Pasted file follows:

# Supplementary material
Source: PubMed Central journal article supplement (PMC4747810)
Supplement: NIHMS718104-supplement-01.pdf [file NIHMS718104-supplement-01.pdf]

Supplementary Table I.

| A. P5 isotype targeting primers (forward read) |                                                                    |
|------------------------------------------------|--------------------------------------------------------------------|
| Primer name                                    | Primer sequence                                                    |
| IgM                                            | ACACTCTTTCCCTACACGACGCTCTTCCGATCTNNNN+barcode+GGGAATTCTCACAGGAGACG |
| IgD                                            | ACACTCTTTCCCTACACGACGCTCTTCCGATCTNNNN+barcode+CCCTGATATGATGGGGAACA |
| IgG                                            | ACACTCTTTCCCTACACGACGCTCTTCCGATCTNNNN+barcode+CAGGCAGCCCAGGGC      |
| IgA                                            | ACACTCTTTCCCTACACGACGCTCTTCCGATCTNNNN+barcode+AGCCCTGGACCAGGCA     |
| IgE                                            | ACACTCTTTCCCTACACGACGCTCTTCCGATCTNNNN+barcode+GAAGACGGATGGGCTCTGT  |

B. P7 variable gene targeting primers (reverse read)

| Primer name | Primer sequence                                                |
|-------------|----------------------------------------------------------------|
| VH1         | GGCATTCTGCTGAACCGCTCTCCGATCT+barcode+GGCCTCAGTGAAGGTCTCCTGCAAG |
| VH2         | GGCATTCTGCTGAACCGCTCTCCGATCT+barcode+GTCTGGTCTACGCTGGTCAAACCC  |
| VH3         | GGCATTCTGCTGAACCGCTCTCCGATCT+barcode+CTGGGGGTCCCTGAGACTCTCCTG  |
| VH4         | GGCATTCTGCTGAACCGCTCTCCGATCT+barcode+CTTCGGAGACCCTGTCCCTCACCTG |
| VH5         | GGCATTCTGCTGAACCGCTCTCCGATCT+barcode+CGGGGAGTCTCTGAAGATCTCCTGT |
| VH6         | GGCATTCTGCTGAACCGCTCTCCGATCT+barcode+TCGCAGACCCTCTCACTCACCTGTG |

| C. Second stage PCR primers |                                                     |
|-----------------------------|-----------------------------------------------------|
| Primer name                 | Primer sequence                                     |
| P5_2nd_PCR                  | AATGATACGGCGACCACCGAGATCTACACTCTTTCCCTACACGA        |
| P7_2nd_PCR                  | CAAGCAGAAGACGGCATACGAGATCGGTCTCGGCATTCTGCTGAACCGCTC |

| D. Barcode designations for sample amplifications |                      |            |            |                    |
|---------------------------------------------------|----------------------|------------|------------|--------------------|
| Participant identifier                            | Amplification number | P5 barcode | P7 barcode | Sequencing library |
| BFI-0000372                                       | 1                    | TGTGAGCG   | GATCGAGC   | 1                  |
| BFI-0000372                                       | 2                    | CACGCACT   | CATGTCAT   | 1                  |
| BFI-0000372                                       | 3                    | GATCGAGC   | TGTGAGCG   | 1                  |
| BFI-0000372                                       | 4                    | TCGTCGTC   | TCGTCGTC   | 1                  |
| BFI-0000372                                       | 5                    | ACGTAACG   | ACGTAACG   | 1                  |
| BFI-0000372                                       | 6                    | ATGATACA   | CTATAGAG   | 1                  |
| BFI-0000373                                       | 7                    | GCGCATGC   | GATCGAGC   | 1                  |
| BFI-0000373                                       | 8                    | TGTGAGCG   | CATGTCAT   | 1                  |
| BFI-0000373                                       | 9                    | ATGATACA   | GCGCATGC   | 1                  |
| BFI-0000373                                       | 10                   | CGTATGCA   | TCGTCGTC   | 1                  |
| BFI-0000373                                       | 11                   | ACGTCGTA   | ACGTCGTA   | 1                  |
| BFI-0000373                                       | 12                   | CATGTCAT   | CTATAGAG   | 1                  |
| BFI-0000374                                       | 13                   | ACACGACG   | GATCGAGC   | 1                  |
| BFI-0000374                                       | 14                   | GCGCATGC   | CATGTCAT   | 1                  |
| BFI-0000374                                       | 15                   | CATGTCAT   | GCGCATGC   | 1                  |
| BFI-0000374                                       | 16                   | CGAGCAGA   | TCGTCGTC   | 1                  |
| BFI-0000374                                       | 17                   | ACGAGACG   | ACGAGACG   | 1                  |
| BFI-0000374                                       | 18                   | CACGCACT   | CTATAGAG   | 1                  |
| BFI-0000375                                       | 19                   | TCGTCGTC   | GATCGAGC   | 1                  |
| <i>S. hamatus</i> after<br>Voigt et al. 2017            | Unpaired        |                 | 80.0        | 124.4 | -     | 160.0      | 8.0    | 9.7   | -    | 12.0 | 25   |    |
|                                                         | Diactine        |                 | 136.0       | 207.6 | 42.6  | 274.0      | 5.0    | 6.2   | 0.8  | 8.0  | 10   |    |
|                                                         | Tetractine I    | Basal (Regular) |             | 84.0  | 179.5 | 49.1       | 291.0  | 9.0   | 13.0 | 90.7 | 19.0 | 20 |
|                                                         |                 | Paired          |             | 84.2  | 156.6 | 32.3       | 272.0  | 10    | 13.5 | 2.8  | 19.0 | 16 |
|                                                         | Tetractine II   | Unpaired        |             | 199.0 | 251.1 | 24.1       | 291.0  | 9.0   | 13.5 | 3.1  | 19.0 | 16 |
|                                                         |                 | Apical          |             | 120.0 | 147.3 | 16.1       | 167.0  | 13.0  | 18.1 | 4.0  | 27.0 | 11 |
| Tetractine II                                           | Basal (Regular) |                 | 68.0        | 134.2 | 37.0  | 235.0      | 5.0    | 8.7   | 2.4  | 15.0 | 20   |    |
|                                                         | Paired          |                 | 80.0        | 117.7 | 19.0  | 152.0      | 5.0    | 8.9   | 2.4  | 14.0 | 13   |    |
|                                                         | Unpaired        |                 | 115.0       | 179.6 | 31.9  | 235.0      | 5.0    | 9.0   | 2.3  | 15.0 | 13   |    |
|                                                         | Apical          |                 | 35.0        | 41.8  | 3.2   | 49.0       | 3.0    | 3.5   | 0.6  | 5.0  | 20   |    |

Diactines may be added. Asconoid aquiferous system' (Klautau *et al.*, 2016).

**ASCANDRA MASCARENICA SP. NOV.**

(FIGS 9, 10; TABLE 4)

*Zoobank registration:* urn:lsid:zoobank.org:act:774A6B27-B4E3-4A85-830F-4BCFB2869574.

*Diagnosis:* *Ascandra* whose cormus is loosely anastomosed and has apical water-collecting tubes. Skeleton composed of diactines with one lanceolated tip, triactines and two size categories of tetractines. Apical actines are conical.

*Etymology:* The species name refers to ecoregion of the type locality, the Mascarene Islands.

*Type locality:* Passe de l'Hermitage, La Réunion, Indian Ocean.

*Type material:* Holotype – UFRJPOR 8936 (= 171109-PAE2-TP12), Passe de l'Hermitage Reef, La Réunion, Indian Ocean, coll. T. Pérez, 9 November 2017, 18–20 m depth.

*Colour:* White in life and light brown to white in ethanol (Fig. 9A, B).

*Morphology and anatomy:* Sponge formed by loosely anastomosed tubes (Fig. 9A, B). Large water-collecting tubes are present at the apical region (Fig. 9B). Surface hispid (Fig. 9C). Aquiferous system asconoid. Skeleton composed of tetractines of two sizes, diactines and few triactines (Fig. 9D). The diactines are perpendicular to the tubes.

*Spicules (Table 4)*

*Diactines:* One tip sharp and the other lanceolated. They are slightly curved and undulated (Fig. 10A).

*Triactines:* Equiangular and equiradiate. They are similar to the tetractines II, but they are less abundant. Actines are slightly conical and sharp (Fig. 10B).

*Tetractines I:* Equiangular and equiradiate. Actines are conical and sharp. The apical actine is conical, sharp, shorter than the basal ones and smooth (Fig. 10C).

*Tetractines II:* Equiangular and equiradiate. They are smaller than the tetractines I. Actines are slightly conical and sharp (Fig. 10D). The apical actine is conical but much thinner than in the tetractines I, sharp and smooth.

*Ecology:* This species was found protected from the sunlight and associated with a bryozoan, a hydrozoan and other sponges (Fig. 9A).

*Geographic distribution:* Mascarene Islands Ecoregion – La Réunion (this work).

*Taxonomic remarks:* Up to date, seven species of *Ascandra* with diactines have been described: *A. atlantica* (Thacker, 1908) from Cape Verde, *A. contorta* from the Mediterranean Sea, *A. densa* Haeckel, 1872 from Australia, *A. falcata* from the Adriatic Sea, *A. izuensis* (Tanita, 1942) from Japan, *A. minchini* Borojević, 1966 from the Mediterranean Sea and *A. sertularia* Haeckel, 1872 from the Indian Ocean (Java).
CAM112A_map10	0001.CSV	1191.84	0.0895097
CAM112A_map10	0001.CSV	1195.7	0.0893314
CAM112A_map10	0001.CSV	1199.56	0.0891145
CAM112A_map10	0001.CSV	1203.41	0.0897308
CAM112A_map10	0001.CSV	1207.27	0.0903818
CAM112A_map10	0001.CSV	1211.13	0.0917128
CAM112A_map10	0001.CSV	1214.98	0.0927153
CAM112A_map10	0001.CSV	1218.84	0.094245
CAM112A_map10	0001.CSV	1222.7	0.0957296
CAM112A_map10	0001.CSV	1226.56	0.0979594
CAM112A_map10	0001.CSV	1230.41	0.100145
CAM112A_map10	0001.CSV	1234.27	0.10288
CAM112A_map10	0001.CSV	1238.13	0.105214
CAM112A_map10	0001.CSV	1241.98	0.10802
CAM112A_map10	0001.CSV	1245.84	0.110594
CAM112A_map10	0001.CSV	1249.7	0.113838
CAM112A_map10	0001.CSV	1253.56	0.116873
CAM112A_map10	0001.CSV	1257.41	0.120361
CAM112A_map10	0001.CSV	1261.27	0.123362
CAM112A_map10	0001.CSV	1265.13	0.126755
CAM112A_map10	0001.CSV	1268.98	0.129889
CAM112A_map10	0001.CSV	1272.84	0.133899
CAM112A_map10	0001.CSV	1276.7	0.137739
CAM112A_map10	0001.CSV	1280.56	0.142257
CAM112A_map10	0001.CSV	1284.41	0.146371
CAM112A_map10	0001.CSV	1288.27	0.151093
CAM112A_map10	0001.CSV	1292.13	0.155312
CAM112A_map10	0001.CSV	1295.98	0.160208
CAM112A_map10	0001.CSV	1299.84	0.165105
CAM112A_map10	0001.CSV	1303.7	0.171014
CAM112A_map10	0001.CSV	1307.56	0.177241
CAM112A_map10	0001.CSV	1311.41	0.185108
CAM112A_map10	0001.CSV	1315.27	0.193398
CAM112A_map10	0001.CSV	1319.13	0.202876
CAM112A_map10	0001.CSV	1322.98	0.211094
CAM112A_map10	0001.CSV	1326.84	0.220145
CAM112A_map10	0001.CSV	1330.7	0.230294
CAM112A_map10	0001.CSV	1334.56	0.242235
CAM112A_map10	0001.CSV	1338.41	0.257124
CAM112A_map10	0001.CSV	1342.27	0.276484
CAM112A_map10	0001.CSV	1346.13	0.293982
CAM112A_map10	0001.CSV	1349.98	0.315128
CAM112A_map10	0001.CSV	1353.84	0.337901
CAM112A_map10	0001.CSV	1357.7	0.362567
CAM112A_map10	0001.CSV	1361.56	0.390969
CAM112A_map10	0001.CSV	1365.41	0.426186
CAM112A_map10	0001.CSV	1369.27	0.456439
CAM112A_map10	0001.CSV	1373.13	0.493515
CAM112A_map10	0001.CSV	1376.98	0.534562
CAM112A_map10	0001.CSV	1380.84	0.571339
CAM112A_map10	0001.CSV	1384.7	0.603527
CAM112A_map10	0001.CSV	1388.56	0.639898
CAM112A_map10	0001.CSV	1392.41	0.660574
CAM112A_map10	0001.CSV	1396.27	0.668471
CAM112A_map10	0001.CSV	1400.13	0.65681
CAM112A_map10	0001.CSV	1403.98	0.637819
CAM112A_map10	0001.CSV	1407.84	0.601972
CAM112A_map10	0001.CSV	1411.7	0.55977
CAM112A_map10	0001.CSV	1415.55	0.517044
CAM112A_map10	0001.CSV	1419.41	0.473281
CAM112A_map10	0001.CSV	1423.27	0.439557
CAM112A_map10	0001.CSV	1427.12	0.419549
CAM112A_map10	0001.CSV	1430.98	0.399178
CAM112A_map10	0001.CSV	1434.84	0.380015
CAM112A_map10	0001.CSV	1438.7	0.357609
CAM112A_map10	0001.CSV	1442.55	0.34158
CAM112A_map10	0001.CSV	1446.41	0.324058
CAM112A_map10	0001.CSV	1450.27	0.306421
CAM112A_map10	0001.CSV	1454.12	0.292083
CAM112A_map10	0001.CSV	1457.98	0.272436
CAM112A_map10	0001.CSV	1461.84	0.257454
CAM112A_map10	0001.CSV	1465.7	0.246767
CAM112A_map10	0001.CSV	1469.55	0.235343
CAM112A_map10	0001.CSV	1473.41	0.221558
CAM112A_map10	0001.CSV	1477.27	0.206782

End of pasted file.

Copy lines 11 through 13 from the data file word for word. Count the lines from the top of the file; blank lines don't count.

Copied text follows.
| IgA                                            | ACACTCTTTCCCTACACGACGCTCTTCCGATCTNNNN+barcode+AGCCCTGGACCAGGCA     |
| IgE                                            | ACACTCTTTCCCTACACGACGCTCTTCCGATCTNNNN+barcode+GAAGACGGATGGGCTCTGT  |

B. P7 variable gene targeting primers (reverse read)